Recently, I looked at the differences between RDM for Windows and RDM for Android. But don’t worry, I haven’t forgotten all of you iPhone and iPad fans, because today we’ll be comparing RDM for Windows to RDM for iOS (and to be honest, I’m kind of an Apple fan myself!).
About RDM for iOS
First of all, in case you’ve spent the last couple of years encased in carbonite a la Han Solo and don’t know what I’m talking about: RDM for iOS is a free app that lets you access all of your remote connections and passwords directly from your iPhone or iPad. The app is powerful, easy-to-use and loaded with features. For example, you can manage users, change access rights, launch connections, import or export data, and so much more – all without having to head into the office.
Head to Head
Here’s a head-to-head look at RDM for Windows vs. RDM for iOS, both using an XML data source. We’ll cover three key aspects: Features, Supported Remote Connections, and Credential Types.
|Anywhere on-the-go access||X|
|Access files located on a remote computer||X||X|
|Connect to as many computers as you want||X||X|
|Support for hotkeys||X|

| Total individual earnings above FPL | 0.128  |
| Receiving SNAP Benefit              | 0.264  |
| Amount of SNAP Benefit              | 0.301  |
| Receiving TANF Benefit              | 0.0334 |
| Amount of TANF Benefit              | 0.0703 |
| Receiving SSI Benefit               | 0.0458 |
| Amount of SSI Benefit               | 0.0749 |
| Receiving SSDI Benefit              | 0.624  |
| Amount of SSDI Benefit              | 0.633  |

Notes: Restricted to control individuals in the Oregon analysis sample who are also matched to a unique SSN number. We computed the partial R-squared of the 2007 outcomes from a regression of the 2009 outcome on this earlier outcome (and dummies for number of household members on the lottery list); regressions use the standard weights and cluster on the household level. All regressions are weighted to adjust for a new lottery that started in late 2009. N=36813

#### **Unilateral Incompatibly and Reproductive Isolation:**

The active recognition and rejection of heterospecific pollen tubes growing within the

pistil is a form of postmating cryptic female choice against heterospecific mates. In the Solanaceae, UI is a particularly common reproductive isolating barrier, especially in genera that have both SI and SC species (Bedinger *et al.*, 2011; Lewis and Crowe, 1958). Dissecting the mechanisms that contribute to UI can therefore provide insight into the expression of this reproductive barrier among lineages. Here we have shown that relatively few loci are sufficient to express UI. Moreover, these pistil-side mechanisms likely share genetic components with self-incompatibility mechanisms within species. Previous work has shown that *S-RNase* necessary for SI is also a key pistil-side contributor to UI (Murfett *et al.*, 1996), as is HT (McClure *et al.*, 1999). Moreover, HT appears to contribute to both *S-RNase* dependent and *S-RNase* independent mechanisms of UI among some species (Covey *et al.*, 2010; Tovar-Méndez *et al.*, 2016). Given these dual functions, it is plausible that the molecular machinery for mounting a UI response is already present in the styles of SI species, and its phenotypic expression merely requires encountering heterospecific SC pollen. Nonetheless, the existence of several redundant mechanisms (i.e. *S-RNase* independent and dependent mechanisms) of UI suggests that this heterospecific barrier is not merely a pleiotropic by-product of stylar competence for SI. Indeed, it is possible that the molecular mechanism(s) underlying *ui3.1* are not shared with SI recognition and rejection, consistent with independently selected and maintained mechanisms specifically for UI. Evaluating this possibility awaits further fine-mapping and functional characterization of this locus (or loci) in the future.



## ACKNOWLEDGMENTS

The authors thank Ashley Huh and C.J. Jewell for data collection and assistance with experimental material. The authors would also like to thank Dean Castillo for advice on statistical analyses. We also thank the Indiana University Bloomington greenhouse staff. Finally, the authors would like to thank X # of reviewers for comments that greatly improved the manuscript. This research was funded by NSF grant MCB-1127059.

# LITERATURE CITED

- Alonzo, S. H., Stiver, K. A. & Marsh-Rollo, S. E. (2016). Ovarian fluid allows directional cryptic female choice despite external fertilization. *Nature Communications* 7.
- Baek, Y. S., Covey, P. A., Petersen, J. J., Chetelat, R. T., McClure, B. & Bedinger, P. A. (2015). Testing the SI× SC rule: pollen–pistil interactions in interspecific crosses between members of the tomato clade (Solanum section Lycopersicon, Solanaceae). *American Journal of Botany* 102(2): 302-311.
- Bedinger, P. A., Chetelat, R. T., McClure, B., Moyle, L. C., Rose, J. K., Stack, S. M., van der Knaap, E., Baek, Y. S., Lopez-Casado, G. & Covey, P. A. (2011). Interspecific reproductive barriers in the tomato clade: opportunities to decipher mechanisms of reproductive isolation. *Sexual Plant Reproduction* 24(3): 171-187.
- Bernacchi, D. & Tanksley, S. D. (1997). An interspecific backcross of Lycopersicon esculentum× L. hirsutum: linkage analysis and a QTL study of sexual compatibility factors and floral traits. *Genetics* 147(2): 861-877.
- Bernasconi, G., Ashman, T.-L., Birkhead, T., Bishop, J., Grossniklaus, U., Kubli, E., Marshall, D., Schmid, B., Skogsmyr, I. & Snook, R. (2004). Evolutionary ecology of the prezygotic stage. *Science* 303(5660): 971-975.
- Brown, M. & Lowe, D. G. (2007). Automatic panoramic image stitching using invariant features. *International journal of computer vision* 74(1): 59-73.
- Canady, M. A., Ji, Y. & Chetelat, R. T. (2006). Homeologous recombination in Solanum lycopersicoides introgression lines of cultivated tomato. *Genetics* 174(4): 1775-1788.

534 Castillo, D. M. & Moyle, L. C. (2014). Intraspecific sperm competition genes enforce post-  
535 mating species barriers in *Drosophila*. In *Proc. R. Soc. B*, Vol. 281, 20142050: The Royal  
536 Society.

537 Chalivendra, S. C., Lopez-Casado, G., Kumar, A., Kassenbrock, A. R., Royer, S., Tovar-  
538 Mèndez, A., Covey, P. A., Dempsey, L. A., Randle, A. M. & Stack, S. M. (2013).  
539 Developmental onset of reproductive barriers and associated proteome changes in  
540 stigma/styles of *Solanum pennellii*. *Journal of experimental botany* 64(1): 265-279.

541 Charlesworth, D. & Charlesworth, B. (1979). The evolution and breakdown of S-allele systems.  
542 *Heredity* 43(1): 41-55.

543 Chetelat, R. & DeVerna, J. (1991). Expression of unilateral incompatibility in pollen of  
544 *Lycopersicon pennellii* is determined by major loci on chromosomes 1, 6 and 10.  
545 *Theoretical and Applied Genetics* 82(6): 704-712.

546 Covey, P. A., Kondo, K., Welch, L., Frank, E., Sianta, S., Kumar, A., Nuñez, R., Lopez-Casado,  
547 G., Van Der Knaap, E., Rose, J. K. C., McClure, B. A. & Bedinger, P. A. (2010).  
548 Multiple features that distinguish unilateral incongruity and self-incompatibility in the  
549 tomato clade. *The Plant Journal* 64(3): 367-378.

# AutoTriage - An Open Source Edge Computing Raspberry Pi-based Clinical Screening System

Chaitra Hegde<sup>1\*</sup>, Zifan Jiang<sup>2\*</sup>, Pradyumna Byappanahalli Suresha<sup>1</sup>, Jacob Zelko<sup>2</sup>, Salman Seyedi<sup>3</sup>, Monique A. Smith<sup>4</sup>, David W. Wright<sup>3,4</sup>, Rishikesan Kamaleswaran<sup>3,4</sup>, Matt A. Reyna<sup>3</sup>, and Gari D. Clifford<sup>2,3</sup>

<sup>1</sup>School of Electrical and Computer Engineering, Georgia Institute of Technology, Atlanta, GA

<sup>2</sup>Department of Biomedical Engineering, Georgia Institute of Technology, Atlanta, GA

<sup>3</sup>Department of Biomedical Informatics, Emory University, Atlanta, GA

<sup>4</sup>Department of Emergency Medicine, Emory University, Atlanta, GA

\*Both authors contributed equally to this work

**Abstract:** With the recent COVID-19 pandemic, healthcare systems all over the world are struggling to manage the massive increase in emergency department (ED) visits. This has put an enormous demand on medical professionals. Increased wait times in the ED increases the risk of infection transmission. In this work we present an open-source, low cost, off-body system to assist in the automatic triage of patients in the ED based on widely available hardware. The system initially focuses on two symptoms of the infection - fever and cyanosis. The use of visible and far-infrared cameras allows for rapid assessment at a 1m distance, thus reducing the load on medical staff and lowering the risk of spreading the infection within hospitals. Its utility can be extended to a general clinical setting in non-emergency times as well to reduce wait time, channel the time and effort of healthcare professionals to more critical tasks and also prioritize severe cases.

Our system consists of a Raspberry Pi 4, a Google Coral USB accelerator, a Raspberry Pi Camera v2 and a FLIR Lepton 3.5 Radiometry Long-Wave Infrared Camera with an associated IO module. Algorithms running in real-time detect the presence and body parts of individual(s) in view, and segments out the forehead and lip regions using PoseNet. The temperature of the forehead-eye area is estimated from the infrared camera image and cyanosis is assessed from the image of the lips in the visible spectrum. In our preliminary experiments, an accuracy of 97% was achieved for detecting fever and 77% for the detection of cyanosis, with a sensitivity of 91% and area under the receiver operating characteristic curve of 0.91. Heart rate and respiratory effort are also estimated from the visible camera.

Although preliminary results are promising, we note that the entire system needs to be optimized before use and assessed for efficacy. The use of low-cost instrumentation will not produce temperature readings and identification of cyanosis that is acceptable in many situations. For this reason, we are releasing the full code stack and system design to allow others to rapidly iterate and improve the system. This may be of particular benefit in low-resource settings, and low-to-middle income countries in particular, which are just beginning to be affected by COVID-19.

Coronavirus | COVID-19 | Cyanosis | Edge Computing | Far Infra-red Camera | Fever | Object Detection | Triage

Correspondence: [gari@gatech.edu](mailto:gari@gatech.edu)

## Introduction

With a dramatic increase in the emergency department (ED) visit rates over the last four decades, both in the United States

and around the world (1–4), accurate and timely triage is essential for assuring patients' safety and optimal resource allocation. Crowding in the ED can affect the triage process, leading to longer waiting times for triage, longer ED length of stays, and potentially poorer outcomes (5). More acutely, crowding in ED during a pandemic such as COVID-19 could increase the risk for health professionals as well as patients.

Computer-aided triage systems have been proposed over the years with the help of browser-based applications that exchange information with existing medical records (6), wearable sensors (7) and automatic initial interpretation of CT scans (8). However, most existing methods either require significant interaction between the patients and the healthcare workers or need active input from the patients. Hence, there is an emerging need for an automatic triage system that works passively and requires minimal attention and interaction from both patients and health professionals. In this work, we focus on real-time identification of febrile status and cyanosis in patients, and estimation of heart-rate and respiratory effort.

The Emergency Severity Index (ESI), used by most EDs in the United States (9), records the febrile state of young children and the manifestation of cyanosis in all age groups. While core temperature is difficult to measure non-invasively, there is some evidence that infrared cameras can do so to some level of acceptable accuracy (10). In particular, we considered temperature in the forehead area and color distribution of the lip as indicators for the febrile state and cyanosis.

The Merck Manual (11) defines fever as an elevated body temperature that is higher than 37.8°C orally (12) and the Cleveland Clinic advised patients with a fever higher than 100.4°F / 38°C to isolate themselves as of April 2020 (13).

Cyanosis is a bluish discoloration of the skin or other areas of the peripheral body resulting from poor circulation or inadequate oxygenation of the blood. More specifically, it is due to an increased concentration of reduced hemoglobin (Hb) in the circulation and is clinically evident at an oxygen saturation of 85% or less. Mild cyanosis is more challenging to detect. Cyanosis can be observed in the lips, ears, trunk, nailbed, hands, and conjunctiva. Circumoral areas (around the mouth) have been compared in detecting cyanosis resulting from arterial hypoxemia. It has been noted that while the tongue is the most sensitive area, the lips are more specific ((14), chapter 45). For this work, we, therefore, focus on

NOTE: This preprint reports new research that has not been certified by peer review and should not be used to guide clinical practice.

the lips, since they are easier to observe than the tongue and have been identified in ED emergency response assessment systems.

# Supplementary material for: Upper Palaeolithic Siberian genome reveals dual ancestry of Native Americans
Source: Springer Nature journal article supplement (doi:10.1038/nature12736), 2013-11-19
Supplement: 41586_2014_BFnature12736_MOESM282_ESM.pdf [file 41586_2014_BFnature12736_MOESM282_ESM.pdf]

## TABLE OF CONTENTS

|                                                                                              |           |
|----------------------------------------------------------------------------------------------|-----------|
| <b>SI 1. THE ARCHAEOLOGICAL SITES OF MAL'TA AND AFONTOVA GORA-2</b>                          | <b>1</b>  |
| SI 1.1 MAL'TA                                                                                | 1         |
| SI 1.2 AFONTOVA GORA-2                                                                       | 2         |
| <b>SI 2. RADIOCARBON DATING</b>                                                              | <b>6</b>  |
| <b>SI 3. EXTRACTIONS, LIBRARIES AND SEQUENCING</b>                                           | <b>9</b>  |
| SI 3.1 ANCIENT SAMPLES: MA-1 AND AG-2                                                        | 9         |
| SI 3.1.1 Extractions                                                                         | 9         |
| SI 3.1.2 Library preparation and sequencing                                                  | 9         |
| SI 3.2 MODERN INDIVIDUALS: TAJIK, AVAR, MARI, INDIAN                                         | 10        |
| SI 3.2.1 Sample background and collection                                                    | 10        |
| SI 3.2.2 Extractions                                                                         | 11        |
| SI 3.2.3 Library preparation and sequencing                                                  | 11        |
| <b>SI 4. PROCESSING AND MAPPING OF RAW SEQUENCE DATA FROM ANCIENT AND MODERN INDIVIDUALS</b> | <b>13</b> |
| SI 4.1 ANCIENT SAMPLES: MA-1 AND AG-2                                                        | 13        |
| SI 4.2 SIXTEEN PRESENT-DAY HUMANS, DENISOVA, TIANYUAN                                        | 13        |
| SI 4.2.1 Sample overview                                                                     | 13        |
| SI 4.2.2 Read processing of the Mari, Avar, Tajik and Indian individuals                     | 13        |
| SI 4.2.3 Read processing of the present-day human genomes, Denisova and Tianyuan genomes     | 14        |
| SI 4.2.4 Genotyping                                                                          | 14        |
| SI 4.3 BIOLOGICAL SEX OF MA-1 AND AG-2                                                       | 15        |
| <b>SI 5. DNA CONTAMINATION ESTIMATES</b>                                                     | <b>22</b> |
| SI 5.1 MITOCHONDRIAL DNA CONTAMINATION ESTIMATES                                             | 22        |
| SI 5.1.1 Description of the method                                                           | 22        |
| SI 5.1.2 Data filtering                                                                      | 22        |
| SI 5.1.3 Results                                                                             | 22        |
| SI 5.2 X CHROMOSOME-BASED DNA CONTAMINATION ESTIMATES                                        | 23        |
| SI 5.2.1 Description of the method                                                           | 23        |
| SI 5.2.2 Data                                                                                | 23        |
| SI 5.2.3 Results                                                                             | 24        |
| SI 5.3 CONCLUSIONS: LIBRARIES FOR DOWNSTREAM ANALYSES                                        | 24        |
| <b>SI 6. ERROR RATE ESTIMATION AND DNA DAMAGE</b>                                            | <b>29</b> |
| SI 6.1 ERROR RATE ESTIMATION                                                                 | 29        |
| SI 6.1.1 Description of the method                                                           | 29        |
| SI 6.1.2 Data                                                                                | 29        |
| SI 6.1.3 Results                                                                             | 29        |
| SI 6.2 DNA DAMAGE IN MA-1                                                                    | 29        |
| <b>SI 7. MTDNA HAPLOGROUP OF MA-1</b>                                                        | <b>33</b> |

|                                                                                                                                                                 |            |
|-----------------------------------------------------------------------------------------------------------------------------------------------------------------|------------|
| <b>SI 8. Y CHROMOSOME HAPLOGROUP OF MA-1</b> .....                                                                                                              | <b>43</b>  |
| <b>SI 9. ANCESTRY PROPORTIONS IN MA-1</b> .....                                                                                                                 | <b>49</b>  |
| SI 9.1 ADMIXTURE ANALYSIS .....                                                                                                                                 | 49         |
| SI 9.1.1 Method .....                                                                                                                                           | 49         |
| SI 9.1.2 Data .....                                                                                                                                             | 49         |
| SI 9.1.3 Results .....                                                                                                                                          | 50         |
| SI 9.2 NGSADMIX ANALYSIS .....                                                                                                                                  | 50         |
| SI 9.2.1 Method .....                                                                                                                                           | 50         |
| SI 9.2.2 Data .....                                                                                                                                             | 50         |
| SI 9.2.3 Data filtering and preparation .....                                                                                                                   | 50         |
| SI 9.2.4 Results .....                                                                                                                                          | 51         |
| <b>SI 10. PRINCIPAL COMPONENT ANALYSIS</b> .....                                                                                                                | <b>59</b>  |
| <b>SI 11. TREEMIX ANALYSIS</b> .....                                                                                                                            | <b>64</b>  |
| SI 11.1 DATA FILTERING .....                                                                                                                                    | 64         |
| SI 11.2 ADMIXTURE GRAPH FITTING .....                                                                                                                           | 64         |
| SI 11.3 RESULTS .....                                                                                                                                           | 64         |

|Support for remote tools||X||X|
|Launch sessions without creating an entry using Quick Connect||X||X|
|Import and export data||X||X|
|Web browser auto login||X||X|
|Chrome Remote Desktop||X|
|SSH Port Forward||X||X|
|Last Pass||X||X (read only)|
|KeePass||X||X (read only)|
|SecretServer||X||X (read only)|
|Zoho Vault||X||X (read only)|
|Sticky Password||X (read only)|
Hopefully the above will help you decide when it makes sense to use RDM for Windows, and when to use RDM for iOS. As you can see, this isn’t an either/or thing. You can use both interchangeably whenever you wish. And remember: RDM for iOS is (and always will be) free!
As always, please let us know your thoughts by using the comment feature of the blog. You can also visit our forums to get help and submit feature requests, you can find them here.